III. Cognitive radio technology impact on spectrum licensing

Cognitive radio technology is designed to actively listen for channels on the spectrum that are not in use, and thereby play a more efficient role in the timing and operation frequency of radio transmissions. Currently used by the military in hostile territories,Footnote 12 dynamic channel selection can "prevent a device from accessing a specific band if it is in use and to prevent co-channel interference of the primary user from a secondary user."Footnote 13

The impact of cognitive radio technology on the spectrum licensing system could have several disruptive effects. Since experts predict cognitive radio will lead to the eventual co-existence of licensed and unlicensed spectrum usage,Footnote 14 cognitive radio challenges the view that spectrum is a scarce resource. The greater use of spectrum could lower barriers to accessing spectrum. Instead of investing heavily in purchasing spectrum, technologists could devote more resources to developing new consumer products, which may challenge traditional players in the telecommunications market.Footnote 15 The success of unlicensed use of very limited spectrum such as WLAN, WPAN, Wi-Fi and Bluetooth may only be the tip of the iceberg.

While there will continue to be a need for law to govern spectrum sharing,Footnote 16 cognitive radio technology could fundamentally change the role of spectrum regulators. At the moment, regulators must micromanage in the area of radio spectrum allocation, including determining allowable power levels and antenna height.Footnote 17 For example, in Canada, spectrum is managed pursuant to the Radiocommunications Act which allows for regulations respecting technical requirements and standards,Footnote 18 leading to exhaustive specifications having to be maintained by the govermnent.Footnote 19 As the main goal of spectrum regulators is to prevent interference, cognitive radios may dramatically reduce the regulatory burden by programming interference specifications into future devices according to regulator-defined parameters for frequency, power, waveform, and geography.Footnote 20 There may be a greater role for the private sector to play in the organization of spectrum use, as secondary markets begin to develop for the trading and leasing of spectrum by license holders.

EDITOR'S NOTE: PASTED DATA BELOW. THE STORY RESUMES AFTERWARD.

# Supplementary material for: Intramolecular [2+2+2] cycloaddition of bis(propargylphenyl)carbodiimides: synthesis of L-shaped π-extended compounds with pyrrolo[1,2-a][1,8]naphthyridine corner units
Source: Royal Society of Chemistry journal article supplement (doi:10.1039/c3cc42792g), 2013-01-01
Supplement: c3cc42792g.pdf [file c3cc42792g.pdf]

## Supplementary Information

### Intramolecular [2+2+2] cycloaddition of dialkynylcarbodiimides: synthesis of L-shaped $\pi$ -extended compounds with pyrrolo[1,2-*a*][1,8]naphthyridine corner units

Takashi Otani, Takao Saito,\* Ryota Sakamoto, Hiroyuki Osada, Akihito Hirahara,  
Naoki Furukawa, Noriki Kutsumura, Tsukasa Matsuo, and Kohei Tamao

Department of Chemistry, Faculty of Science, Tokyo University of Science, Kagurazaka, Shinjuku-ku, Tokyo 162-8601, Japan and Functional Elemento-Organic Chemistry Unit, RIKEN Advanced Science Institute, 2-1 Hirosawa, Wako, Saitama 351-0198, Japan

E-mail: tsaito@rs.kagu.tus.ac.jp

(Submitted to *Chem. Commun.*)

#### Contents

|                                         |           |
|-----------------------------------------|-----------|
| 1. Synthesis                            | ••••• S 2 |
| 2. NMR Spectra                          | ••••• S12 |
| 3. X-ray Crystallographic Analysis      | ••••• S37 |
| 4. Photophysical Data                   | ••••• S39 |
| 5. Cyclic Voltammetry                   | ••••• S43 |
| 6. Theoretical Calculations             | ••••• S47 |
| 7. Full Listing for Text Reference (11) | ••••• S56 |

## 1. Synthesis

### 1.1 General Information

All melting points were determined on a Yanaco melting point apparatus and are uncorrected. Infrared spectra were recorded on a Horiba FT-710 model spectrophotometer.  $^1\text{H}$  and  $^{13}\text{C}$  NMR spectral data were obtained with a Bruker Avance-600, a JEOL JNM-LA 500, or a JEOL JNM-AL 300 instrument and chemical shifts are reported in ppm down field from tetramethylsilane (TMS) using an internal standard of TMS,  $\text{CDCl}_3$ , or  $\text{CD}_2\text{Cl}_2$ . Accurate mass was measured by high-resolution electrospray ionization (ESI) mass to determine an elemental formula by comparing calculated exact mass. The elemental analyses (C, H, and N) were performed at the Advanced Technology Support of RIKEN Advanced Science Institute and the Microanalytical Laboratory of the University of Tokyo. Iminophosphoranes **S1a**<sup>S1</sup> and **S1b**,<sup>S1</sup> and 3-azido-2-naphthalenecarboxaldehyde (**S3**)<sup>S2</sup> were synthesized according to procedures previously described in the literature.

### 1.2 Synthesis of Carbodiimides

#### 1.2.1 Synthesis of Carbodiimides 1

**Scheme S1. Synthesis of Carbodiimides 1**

IV. Spectrum licensing impact on cognitive radio technology

Spectrum license holders have considerable concerns regarding possible interference with the use of their spectrum by third parties.Footnote 21 Technologists are not optimistic that the introduction of cognitive radio will take place soon in part due to the spectrum licensing system,Footnote 22 which has been described as an "easy opportunity for the old to protect themselves against the new"Footnote 23 and a possible tragedy of the anti-commons.Footnote 24 The U.S. General Accounting Office has identified as barriers the "lack of flexibility in the spectrum allocation system, policy makers' limited knowledge about spectrum use and new and emerging technologies, as well as a lack of agreed-upon models to assess [emerging] teclmologies," in addition to "[a] lack of incentives to achieve spectrum efficiency."Footnote 25

However, there have been developments in spectrum allocation flexibility that may create better conditions for cognitive radio's adoption in the future. The European Commission has set a target of 2010 for reaching a more flexible market-based spectrum management and usage rights.Footnote 26 The United Kingdom's Office of Communication ('Ofcom') is also pursuing marketbased spectrum management with up to 72 per cent of its spectrum.Footnote 27 The Wireless Telegraphy Regulations enable spectrum trading in the United Kingdom since 2004, with liberalization of spectrum to be finalized in 2009.Footnote 28 Japan's Ministry of Internal Affairs and Communications has pursued a reallocation compensation scheme, and has done so with the 100 Mhz band from 4.9 to 5.0 Ghz for outdoor WLAN in cities.Footnote 29 The Spectrum Policy Task Group of the F.C.C. came out in favour of "increasing opportunities for technologically innovative and economically efficient spectrum use," including dynamic spectrum access through cognitive radio techniques.Footnote 30 Of note, the F.C.C. has amended certain rules to lift barriers to the realization of cognitive radio technology, and has recognized that secondary markets (e.g. the leasing of spectrum) will be technically feasible in the future.Footnote 31